The question asks for the elimination of preventive custody for crimes punished with a maximum of 5 years in prison or 4 in the case of house arrest. However, as underlined by former magistrate Domenico Gallo on Micro Mega, if approved, the referendum would eliminate "not only custody in prison and house arrest, but also removal from the family home (in the case of a violent spouse), the prohibition of approaching the places frequented by the injured person (in the case of persecutory acts), as well as disqualification measures, such as the temporary ban on exercising certain entrepreneurial activities (in the case of financial companies that defraud investors) would no longer be possible ". A situation that could aggravate gender-based violence and hate crimes, for which Italy does not yet have a sufficiently suitable legislation.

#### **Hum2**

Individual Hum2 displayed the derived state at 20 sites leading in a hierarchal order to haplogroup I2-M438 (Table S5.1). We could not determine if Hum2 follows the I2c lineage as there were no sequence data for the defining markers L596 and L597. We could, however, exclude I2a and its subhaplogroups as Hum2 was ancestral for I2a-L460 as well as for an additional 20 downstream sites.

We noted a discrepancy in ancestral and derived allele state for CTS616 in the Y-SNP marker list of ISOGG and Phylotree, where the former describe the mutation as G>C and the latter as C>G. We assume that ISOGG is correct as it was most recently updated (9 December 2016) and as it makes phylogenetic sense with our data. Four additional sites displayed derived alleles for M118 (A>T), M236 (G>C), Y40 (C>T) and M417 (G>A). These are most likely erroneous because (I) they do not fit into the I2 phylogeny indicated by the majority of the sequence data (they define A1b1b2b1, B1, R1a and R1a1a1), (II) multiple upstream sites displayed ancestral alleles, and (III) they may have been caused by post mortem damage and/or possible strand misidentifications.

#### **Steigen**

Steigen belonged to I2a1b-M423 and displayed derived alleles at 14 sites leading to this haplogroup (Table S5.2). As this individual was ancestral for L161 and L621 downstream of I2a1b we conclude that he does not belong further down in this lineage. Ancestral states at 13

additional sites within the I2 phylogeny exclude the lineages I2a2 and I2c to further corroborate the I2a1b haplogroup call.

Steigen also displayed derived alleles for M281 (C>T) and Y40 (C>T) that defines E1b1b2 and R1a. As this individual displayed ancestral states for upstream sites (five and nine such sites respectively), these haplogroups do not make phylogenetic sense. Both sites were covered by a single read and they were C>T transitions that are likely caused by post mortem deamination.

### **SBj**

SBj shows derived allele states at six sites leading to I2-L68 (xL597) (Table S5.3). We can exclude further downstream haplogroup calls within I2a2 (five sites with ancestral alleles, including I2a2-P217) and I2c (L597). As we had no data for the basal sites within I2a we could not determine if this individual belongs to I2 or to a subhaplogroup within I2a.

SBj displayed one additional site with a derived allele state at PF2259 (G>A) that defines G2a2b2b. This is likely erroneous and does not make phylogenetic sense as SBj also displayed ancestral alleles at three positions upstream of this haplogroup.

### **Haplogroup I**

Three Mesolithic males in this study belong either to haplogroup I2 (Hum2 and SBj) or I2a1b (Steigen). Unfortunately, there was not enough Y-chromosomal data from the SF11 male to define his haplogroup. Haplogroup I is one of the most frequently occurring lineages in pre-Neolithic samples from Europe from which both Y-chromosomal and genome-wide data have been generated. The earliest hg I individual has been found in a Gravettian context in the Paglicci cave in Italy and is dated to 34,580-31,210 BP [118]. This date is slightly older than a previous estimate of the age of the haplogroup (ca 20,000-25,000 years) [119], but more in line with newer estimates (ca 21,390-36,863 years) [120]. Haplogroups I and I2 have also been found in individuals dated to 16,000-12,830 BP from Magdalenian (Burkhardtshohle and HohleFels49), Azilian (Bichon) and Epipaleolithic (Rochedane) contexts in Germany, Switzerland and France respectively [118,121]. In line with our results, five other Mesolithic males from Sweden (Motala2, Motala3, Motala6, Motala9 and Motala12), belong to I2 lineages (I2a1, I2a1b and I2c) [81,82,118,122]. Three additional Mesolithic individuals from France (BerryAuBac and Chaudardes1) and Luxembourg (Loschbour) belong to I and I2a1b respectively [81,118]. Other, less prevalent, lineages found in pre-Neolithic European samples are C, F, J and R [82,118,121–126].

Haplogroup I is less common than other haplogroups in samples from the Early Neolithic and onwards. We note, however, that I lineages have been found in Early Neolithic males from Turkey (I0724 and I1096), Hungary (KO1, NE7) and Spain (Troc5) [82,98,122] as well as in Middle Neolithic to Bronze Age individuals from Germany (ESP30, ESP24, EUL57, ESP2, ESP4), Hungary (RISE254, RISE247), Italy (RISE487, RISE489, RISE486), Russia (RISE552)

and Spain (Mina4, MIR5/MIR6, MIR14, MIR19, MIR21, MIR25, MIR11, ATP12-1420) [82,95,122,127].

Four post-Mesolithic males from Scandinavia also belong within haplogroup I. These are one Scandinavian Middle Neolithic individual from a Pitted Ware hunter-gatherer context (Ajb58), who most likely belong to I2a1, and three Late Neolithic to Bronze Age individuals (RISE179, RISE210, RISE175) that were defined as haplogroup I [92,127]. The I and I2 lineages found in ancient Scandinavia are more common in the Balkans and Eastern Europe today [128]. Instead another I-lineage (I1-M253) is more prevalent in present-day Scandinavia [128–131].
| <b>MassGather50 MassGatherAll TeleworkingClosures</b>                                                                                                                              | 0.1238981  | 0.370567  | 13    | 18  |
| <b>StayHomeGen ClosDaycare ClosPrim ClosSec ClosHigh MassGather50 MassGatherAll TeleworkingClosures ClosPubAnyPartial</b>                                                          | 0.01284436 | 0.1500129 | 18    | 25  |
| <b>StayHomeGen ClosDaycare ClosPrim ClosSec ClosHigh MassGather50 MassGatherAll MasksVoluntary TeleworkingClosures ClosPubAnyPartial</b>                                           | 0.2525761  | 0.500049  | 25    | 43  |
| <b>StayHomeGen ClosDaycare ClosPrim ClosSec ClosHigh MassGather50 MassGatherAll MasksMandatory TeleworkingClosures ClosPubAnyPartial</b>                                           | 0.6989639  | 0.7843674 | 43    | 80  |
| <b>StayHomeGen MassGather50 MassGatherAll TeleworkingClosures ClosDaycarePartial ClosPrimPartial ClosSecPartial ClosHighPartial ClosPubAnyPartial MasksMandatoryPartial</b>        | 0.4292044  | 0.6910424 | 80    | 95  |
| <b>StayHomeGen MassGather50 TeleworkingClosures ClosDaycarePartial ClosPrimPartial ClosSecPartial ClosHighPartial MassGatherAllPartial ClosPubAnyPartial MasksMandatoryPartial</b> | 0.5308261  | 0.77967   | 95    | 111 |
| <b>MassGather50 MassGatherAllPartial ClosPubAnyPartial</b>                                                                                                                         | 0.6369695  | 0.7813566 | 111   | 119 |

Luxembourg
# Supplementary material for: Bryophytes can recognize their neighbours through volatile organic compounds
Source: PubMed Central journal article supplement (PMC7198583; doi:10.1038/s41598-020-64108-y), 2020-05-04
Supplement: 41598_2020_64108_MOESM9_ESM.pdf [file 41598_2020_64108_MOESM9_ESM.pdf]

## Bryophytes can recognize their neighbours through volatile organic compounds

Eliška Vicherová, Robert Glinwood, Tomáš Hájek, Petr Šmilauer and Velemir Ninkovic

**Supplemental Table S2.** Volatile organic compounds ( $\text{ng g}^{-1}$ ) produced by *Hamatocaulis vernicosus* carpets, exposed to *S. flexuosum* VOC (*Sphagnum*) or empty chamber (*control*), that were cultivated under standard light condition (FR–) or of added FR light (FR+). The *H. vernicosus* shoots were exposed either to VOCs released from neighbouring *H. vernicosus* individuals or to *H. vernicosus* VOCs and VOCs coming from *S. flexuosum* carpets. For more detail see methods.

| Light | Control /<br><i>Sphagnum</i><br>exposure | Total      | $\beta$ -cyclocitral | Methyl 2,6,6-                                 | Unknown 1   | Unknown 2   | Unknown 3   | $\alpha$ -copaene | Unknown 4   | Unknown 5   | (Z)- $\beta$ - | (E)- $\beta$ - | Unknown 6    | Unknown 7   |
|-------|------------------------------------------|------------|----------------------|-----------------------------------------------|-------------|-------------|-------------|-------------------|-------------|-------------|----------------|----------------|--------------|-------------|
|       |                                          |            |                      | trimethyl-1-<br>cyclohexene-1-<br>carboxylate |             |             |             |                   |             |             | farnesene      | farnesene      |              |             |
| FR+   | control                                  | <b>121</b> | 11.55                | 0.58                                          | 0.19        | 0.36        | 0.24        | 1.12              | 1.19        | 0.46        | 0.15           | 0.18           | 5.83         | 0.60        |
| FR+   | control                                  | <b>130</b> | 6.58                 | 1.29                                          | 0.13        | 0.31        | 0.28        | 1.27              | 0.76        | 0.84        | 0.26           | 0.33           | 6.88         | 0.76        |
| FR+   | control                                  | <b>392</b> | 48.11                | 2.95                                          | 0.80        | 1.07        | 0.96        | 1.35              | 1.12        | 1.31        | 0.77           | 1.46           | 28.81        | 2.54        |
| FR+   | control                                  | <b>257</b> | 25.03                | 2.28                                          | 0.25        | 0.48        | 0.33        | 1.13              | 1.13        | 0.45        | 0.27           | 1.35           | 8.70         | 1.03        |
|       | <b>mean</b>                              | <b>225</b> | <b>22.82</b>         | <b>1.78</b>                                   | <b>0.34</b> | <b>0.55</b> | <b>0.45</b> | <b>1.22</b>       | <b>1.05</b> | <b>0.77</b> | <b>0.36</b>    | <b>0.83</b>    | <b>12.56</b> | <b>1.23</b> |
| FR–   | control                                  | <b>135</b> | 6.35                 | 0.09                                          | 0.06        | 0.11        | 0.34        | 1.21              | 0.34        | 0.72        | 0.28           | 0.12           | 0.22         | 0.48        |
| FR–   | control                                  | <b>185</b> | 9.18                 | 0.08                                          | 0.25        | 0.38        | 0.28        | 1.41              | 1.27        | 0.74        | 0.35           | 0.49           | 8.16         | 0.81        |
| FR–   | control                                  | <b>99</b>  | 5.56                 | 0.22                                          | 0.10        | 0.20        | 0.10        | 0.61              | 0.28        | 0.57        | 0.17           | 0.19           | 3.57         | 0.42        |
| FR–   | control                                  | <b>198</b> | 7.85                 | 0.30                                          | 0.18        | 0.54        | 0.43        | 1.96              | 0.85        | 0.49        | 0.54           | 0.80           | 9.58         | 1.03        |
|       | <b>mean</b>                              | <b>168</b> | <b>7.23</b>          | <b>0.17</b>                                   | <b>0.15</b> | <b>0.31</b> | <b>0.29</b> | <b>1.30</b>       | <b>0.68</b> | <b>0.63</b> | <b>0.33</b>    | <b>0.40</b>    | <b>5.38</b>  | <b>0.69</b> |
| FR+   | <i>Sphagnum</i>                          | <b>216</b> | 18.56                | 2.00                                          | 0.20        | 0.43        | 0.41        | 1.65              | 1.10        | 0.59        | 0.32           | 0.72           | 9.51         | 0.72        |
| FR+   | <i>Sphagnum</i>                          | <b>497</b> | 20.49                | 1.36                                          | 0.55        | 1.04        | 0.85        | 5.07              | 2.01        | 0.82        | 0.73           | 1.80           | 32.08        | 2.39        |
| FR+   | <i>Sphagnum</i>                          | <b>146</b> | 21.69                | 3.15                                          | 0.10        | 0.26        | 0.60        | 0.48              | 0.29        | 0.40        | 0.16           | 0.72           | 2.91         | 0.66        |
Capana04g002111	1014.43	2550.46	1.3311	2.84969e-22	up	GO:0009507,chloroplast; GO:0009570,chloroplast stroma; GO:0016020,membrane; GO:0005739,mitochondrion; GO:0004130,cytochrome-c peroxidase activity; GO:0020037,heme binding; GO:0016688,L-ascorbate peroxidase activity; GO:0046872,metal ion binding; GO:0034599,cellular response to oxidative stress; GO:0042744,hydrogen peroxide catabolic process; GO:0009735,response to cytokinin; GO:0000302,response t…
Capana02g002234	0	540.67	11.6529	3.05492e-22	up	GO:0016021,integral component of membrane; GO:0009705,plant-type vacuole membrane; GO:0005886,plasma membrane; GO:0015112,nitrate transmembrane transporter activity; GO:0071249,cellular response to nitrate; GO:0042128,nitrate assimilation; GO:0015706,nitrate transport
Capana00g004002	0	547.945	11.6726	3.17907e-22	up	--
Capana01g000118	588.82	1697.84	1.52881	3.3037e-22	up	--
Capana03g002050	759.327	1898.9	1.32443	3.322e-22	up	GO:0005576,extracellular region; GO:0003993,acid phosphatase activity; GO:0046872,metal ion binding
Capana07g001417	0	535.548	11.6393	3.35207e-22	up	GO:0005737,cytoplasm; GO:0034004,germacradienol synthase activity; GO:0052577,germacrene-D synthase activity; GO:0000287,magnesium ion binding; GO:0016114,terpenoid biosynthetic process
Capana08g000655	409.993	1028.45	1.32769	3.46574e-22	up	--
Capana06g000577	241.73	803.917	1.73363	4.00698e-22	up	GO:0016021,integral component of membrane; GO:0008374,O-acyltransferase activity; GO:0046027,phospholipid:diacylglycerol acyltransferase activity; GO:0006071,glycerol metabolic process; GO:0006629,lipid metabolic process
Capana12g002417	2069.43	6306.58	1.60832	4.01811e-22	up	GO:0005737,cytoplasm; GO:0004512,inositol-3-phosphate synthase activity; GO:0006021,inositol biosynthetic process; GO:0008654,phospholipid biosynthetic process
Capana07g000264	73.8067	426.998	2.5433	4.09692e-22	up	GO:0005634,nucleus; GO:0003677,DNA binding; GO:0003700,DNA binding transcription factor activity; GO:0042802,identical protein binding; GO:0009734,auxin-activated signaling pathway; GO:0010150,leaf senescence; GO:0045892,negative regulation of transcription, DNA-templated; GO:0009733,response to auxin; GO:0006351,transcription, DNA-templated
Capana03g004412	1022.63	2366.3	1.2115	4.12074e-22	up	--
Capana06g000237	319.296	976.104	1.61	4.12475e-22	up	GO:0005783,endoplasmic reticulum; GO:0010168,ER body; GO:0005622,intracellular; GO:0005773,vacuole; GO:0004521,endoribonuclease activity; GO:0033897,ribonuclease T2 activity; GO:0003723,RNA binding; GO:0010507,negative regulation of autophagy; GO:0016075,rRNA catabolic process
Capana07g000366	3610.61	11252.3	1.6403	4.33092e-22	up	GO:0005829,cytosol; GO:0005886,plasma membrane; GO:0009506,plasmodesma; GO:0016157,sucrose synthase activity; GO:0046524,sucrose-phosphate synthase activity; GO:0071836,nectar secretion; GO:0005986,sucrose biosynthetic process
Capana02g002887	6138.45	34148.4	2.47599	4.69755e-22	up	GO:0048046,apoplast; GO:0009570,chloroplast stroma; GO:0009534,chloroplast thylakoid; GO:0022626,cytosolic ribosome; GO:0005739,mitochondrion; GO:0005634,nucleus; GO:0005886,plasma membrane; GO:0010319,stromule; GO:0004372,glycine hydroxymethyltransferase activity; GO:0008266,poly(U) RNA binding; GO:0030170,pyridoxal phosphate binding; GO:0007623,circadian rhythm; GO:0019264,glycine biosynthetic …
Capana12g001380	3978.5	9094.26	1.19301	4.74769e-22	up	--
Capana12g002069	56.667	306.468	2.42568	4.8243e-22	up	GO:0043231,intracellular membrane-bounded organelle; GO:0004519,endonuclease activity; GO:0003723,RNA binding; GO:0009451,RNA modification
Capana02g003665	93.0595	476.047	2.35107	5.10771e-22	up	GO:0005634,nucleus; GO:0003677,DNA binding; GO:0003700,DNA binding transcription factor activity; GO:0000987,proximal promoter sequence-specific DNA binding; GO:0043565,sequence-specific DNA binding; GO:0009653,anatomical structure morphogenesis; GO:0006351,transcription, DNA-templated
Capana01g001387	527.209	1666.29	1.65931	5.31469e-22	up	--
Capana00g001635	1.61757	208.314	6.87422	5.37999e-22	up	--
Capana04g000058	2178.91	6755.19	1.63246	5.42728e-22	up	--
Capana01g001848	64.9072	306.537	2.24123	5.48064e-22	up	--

The question for the separation of the careers of judges and prosecutors The third intervenes on the separation of careers of judges and prosecutors. The role of the former is precisely to express an opinion on the cases, while the role of the latter is to promote criminal action against the accused. Currently, the transition between the two roles is limited to a maximum of four times with some rules, including the impossibility of performing both functions within the same judicial district. However, if the reform presented by the Minister of Justice Marta Cartabia were to be approved, the number of possible steps would drop to one.

The question, on the other hand, asks that the possibility for magistrates to change careers from judge to public prosecutor and vice versa, thus imposing the need to make a definitive choice at the beginning of his career whether to become a judge or public prosecutor.